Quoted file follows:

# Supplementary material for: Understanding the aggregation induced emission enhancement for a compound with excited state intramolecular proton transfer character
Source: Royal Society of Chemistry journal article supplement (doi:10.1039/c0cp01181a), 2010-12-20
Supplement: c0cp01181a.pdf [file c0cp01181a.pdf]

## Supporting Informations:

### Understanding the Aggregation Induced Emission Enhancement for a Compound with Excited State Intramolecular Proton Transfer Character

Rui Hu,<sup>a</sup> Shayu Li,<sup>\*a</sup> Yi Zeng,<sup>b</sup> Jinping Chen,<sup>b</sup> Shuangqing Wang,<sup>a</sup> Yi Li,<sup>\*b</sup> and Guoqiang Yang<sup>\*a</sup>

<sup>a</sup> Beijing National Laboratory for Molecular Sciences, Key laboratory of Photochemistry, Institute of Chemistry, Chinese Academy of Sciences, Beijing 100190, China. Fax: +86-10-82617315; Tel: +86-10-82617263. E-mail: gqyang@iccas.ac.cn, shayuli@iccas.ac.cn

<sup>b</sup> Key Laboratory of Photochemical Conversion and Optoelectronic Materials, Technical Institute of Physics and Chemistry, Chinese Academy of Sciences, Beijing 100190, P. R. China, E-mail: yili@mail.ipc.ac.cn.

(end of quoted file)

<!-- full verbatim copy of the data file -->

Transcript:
# Supplementary material for: Understanding the aggregation induced emission enhancement for a compound with excited state intramolecular proton transfer character
Source: Royal Society of Chemistry journal article supplement (doi:10.1039/c0cp01181a), 2010-12-20
Supplement: c0cp01181a.pdf [file c0cp01181a.pdf]

## Supporting Informations:

### Understanding the Aggregation Induced Emission Enhancement for a Compound with Excited State Intramolecular Proton Transfer Character

Rui Hu,<sup>a</sup> Shayu Li,<sup>\*a</sup> Yi Zeng,<sup>b</sup> Jinping Chen,<sup>b</sup> Shuangqing Wang,<sup>a</sup> Yi Li,<sup>\*b</sup> and Guoqiang Yang<sup>\*a</sup>

<sup>a</sup> Beijing National Laboratory for Molecular Sciences, Key laboratory of Photochemistry, Institute of Chemistry, Chinese Academy of Sciences, Beijing 100190, China. Fax: +86-10-82617315; Tel: +86-10-82617263. E-mail: gqyang@iccas.ac.cn, shayuli@iccas.ac.cn

<sup>b</sup> Key Laboratory of Photochemical Conversion and Optoelectronic Materials, Technical Institute of Physics and Chemistry, Chinese Academy of Sciences, Beijing 100190, P. R. China, E-mail: yili@mail.ipc.ac.cn.